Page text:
Relations with Frontier Tribes
Unable to overcome by force the frontier tribes bordering on Pakistan, the regime tried to penetrate them by negotiating with them on security matters and setting up militia posts in their territories, giving them weapons and money in return. Had the policy been successful, it would have made it difficult, if not impossible, for the Peshawar-based resistance groups to use these territories as conduits for mujahideen and weapons.
In the frontier province of Paktia the regime encountered a difficulty in connection with the military posts. Before September 1980 it had set up in the frontier areas a number of military posts garrisoned by men from different tribes but officered and supervised by the Khalqis of the same area. The Parchamis could not continue this system. Being opposed to the Parchami regime, the Khalqis acted independently, although the regime gave them money and weapons. Finding this intolerable, the regime stopped paying the posts and demanded that their weapons be returned. The militiamen, as well as the Khalqis, declined, arguing that by taking up arms against their own tribes, they had made them their enemies, and now they had to have the weapons to protect themselves.
The regime commissioned Fayz Mohammad, minister of tribal affairs, to implement the new policy with the frontier tribes of the province of Paktia. Well-versed in tribal customs, he was suited for the task. A Massed Pashtun from across the border in Pakistan and educated in Kabul and the Soviet Union, Mohammad had served the interests of the Paktia tribes when he was minister of interior in the government of President Daoud. Daoud had raised Fayz Mohammad to high state positions for his leading role in helping to overthrow the monarchy. Now, having achieved some success with the tribes of Sayyed Karam and Khost, Fayz Mohammad tried to negotiate a settlement with the tribe of Zadran, which had, since spring 1979, blocked the Sitta Kandow Pass between the garrisons of Khost and Gardez. Had the regime been successful in negotiating with this tribe, it might have achieved further successes in the region, but on one of the missions a tribal police force, the arobaki, killed Mohammad in the Mizzi territory after he had negotiated a settlement with elders of the Zadran tribe. The regime ignored the killing of its minister. However, it scattered leaflets over Paktia calling the act a disgrace, a direct contravention of Pashtunwali, the Pashtun code of behavior. But in the tribe’s view Fayz Mohammad had abandoned Pashtunwali when he sided with the invaders and distributed money. Also, Fayz Mohammad had neither been invited nor sought admittance or asylum (ninawatay) to the Mizzi section where he was killed. The code therefore did not apply.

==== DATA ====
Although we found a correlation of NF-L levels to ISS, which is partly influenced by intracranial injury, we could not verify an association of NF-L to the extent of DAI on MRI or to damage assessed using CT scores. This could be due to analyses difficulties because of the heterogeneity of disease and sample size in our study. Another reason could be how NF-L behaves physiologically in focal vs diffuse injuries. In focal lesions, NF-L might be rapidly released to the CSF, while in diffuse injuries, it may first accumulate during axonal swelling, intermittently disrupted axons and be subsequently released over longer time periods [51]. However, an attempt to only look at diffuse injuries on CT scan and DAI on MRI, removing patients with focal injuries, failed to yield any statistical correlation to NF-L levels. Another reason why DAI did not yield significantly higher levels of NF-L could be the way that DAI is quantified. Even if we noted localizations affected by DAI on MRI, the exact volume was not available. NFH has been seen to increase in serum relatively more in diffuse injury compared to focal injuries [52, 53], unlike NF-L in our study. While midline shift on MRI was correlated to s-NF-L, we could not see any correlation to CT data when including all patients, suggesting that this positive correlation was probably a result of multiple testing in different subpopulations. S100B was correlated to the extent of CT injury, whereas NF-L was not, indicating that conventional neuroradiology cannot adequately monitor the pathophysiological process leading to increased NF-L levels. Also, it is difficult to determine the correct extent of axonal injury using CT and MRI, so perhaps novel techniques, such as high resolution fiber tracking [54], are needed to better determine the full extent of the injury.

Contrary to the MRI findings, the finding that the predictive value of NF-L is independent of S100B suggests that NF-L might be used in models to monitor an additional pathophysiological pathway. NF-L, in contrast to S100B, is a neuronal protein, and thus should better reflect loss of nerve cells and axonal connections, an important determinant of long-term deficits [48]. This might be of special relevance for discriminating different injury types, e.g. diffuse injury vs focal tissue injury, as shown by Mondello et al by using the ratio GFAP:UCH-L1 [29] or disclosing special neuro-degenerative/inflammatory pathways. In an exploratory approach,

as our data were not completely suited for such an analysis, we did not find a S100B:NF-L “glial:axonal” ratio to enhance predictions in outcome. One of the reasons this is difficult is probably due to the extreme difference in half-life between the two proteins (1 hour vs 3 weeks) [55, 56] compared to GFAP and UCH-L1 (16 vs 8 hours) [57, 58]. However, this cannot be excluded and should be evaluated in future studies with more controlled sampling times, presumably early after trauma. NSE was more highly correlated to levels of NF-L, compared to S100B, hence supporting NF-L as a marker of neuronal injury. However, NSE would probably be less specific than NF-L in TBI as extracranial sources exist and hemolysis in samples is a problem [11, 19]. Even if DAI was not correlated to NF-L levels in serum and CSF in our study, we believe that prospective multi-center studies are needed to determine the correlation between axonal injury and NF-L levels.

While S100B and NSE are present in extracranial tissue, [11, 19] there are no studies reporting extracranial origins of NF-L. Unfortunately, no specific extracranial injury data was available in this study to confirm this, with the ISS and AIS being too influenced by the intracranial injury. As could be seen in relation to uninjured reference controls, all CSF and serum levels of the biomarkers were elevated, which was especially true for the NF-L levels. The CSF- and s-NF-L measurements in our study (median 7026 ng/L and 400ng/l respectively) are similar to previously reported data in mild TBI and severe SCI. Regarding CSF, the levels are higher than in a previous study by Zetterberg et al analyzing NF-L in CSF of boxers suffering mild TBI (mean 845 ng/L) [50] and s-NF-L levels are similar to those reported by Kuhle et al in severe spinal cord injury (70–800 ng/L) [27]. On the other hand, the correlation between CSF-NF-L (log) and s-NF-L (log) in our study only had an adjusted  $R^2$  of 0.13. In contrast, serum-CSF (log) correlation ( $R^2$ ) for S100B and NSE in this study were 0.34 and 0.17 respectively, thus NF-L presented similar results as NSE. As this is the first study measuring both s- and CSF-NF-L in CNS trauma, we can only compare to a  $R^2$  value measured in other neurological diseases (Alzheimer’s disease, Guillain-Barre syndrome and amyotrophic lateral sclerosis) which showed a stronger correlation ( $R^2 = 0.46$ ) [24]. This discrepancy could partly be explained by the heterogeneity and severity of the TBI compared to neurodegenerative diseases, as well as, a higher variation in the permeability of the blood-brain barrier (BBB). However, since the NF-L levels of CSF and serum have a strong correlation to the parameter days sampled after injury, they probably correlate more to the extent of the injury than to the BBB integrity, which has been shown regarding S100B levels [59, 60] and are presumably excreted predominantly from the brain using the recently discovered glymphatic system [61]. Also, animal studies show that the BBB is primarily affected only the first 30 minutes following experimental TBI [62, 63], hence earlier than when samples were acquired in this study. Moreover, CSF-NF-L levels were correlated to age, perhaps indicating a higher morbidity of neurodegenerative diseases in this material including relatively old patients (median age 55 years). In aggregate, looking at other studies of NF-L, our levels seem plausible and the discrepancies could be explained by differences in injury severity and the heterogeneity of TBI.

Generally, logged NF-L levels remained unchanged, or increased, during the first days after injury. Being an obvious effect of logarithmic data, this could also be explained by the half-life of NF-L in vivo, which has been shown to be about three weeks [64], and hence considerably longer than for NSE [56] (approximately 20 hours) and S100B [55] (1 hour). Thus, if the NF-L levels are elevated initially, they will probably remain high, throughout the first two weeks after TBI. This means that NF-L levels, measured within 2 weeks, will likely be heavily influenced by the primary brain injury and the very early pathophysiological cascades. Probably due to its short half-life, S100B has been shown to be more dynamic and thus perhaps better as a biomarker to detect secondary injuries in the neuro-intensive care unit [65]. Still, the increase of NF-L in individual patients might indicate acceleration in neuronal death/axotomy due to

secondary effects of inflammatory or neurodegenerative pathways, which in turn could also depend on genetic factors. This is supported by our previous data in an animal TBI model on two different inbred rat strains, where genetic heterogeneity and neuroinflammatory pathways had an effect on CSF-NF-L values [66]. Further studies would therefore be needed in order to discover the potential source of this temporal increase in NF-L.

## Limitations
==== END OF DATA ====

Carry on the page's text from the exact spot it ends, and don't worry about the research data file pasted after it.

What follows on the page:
As among other tribes of Paktia, so among the Zadrans the arobaki, made up of young men of important families (kahole), is authorized to undo a settlement that it believes its elders have negotiated against the interests of the tribe. As it maintains other service groups—mullas, shepherds, and millers—the tribe maintains the arobaki to enforce the decisions of jirgas and a host of other decisions affecting the community. Supported by the community, the arobaki is a force against disorder. Among these groups, membership in the arobaki is prestigious, and its members sometimes rise to higher positions; for instance, Babrak Zadran became elder of the whole tribe and military general in the reign of King Mohammad Nadir. In the present case, the “interest” of the tribe was to fight the invaders and their client regime, a decision reached by a tribal jirga after the Soviet invasion. It also had decided “to bury their differences” until the invaders had been pushed back. However, by offering money and weapons Fayz Mohammad had persuaded the heads of the tribe to maintain security in their region and to leave the Sitta Kandow Pass open. Had this agreement been implemented, the regime would probably have influenced the whole region. These terms were to be regarded as a model of negotiations with other tribes as well.